The bill also aims to strengthen a longstanding ban on the use of tropical hardwoods by state agencies and municipalities, including New York City, by covering all hardwoods, not just the list of prohibited tree species previously outlined in the regulation. But it includes carve outs for the both the MTA and the Staten Island Ferry (run by the city’s Department of Transportation), giving them five more years to comply.

The MTA uses tropical hardwoods for the ties or beams that support railroad and subway tracks because they possess water-resistant properties and are highly resistant to rot and insects. But the agency can switch to alternative materials like concrete. 

“The MTA is transitioning away from tropical hardwood as quickly as possible,” a spokesperson for the transit authority said in an emailed statement.

And the MTA isn’t the only one getting a pass.

State agencies can get an exemption for following the rules if they can prove that they have failed “to receive any offers” from suppliers for products, or that there is “no alternative product” in the market to meet the demand.

To be exempt, state agencies have to submit a public explanation that includes “a list of all available alternative products considered and an explanation as to why each product does not meet the relevant generally accepted performance requirements.” The request will then have to get approved by the state’s budget director. If an agency doesn’t use the exemption for three consecutive years, it loses the ability to do so going forward.

These exceptions, advocates argue, don’t weaken the bill. Instead, they were added to ease the governor’s concerns that agencies with people under their care, like the Department of Corrections and Community Supervision, can still provide adequate food if they are unable to find a deforestation-free supplier.

“I don’t really see [the amendments] watering down the overarching importance of this legislation and what it’s going to actually mean,” said Senator Krueger. “I think we make things clearer.”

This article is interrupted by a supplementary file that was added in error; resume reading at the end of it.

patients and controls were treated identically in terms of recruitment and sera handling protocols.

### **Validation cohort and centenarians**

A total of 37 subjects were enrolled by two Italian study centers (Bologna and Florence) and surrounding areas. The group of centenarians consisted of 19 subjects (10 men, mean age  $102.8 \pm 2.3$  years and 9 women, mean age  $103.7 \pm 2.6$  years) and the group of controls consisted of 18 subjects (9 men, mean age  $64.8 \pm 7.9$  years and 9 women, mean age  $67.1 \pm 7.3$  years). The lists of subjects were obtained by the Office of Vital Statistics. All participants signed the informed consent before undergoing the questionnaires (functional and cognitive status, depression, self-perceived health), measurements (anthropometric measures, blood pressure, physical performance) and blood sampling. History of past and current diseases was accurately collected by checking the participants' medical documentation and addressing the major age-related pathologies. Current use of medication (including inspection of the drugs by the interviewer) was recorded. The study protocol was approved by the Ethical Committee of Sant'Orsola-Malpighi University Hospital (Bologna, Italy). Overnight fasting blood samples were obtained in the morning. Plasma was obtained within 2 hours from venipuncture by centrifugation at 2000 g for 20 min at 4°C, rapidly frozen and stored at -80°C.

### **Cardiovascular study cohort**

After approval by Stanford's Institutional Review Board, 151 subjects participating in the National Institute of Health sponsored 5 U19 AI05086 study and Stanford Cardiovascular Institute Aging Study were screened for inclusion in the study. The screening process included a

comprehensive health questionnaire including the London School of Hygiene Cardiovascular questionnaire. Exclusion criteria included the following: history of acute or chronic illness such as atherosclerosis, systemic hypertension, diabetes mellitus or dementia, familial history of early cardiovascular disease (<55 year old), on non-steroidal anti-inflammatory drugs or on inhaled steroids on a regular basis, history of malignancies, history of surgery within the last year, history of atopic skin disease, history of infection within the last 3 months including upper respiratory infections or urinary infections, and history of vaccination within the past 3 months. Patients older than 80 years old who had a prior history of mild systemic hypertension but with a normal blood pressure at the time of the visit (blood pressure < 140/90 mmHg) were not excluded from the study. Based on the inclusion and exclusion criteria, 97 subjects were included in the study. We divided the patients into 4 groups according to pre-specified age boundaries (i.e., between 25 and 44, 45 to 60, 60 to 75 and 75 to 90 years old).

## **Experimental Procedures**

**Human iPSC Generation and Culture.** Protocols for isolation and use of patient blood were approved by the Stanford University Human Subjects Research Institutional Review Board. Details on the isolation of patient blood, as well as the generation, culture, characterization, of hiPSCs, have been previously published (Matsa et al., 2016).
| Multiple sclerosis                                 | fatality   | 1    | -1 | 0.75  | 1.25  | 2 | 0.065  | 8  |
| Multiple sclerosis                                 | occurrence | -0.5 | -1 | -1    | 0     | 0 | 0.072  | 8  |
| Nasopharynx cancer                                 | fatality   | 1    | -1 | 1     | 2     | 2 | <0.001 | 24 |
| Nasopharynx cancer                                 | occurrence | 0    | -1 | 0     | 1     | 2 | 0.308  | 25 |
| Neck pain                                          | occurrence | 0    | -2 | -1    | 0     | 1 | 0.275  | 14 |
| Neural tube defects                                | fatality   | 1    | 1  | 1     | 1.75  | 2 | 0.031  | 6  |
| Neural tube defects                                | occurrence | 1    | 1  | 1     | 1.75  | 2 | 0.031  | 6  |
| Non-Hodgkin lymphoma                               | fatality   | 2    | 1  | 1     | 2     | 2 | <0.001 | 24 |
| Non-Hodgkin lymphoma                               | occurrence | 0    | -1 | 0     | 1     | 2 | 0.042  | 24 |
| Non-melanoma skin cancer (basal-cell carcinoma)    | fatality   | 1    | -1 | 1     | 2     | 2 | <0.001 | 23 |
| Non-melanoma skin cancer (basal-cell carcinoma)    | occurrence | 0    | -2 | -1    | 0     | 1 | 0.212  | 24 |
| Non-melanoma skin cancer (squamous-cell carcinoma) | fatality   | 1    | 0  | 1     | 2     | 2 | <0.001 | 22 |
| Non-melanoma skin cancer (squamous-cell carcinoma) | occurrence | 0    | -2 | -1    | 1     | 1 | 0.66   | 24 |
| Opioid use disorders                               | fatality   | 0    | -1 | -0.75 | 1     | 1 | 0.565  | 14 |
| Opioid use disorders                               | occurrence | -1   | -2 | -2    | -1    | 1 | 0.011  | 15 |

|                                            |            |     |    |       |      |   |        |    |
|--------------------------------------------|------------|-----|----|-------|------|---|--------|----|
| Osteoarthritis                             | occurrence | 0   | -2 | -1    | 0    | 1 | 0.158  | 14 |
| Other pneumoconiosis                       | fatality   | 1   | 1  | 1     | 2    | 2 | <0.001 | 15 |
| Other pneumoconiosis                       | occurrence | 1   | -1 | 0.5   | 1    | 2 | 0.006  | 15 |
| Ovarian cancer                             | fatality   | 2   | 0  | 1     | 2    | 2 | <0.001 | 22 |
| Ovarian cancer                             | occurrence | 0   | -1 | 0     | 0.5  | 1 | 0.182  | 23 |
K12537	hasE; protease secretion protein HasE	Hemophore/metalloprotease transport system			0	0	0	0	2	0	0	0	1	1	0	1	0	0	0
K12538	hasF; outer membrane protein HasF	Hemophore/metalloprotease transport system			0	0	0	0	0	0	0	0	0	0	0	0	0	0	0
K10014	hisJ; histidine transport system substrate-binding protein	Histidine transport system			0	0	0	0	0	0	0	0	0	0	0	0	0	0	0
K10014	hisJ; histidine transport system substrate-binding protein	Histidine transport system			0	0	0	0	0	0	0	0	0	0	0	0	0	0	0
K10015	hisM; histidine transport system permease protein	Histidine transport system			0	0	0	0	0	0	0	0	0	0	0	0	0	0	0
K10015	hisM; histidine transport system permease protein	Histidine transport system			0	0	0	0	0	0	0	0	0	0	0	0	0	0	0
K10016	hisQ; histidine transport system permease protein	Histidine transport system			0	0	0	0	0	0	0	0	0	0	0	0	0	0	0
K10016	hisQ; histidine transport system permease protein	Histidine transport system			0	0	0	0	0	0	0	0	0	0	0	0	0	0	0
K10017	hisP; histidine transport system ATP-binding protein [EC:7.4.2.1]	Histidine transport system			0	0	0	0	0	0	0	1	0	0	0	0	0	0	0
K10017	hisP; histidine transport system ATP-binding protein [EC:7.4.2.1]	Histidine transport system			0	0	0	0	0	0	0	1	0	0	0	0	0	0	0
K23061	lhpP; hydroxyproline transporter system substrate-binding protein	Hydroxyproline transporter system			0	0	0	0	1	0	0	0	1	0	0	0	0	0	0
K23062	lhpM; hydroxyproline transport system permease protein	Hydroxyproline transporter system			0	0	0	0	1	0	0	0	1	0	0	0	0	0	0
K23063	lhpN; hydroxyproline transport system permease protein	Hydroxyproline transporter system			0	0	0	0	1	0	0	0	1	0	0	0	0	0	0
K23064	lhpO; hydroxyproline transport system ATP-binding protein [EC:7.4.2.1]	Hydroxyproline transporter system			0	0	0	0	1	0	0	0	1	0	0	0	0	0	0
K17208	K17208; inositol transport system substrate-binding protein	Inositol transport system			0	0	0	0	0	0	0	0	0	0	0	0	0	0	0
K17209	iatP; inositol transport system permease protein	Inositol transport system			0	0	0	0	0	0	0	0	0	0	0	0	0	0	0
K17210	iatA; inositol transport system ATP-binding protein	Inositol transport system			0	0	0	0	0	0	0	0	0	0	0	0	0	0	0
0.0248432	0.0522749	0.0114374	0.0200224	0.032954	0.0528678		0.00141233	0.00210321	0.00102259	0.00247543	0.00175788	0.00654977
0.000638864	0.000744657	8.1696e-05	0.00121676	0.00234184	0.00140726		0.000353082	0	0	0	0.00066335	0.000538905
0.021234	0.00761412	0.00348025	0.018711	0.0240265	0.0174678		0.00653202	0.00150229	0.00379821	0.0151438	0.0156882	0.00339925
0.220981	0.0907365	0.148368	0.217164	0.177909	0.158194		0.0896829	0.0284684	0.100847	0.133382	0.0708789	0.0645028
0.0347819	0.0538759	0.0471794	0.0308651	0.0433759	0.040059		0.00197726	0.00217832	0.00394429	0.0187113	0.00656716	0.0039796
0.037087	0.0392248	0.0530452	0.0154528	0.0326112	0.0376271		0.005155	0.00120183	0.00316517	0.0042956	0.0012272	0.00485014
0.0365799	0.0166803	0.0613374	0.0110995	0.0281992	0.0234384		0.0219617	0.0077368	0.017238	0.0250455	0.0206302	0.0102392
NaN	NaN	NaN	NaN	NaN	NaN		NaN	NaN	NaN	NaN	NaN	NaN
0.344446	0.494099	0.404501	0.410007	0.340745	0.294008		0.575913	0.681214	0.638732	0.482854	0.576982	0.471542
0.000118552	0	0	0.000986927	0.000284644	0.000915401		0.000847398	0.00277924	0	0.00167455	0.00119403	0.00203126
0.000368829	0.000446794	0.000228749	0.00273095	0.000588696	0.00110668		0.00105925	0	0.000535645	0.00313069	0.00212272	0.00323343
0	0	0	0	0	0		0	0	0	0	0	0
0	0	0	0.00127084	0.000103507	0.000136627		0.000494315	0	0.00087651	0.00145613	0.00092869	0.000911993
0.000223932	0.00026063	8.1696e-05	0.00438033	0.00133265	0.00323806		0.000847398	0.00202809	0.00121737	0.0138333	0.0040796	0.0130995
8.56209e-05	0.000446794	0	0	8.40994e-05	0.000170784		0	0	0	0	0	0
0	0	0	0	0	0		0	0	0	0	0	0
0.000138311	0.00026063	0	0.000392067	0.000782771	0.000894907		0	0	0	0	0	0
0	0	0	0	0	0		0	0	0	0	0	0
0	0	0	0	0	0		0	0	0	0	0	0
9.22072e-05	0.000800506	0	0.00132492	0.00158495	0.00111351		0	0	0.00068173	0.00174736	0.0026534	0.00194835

Liz Krueger

NYS Senate Media Services

State Sen. Liz Krueger, who sponsored the Deforestation bill in the Senate, speaking in 2022.

Sending a signal

Last year, a major reason the bill ended in a veto had to do with the fact that Krueger and advocates refused to let a watered down version get signed into law. After the bill passed both houses, the governor proposed changes that environmentalists refused to accept. 

In Hochul’s version, advocates said, companies could simply present a certificate issued by a third party claiming their supply chain is deforestation-free. This could potentially excuse them from facing the more rigorous vetting process carried out by the state.

Advocates did not budge on allowing for third party certification schemes to replace the state’s vetting process in this year’s additions. But they did clarify that it’s up to the state’s Office of General Services to decide what each company must do to be considered deforestation-free. 

While OGS could technically accept a third-party certificate as part of a vendor’s proof that their supply chain is clean, the legislation says a company would also have to complete a series of “due diligence measures” outlined by the government to identify the origin of their products “and ensure compliance with the policy.” 

“There’s nothing in the bill that says reliance on third party certification schemes is good enough,” said Jeff Conant, director of the international forests program at the non-profit Friends of the Earth. OGS is in charge of determining exactly what those extra due diligence measures will be.

“Essentially what the amendments do is give OGS more leeway in terms of the implementation of the bill,” Conant added.

In the end, advocates say the new bill will accomplish what it set out to do: it gives the state power to vet a prospective contractor’s supply chain and decide if it wants to do business with them or not. 

“We have taken great pains to address the governor’s concerns and we are taking them quite seriously,” said Farjans-Turner. “But this bill still sends a very important signal to global food markets.”

It would signal that New York will no longer tolerate the consumption of goods that help drive deforestation and climate change, Farjans-Turner explains. And this year the Empire State has shown that it is increasingly leaning in that direction.

In February, the New York Attorney General Letitia James filed a lawsuit against the world’s largest meat company, the Brazil-based, multinational JBS, for making a series of misleading claims about its plans to reduce greenhouse gas emissions. 

The meatpacking giant, which operates in the U.S and is pursuing a listing on the New York Stock Exchange, has “profited from its fraudulent and illegal business activities across New York State,” the lawsuit says. The production of beef is generally known to be the food sector’s largest greenhouse gas emitter. But JBS, the lawsuit argues, promised to achieve net zero emissions by 2040 without a “viable plan to meet its commitment.”

“Signing the TREES Act would send a very important signal to companies like JBS that the markets are changing. It’s an important signal to the EU and others that New York expects the highest quality and most ethically and sustainably sourced products,” Farjans-Turner added. 

To reach the reporter behind this story, contact Mariana@citylimits.org. To reach the editor, contact Jeanmarie@citylimits.org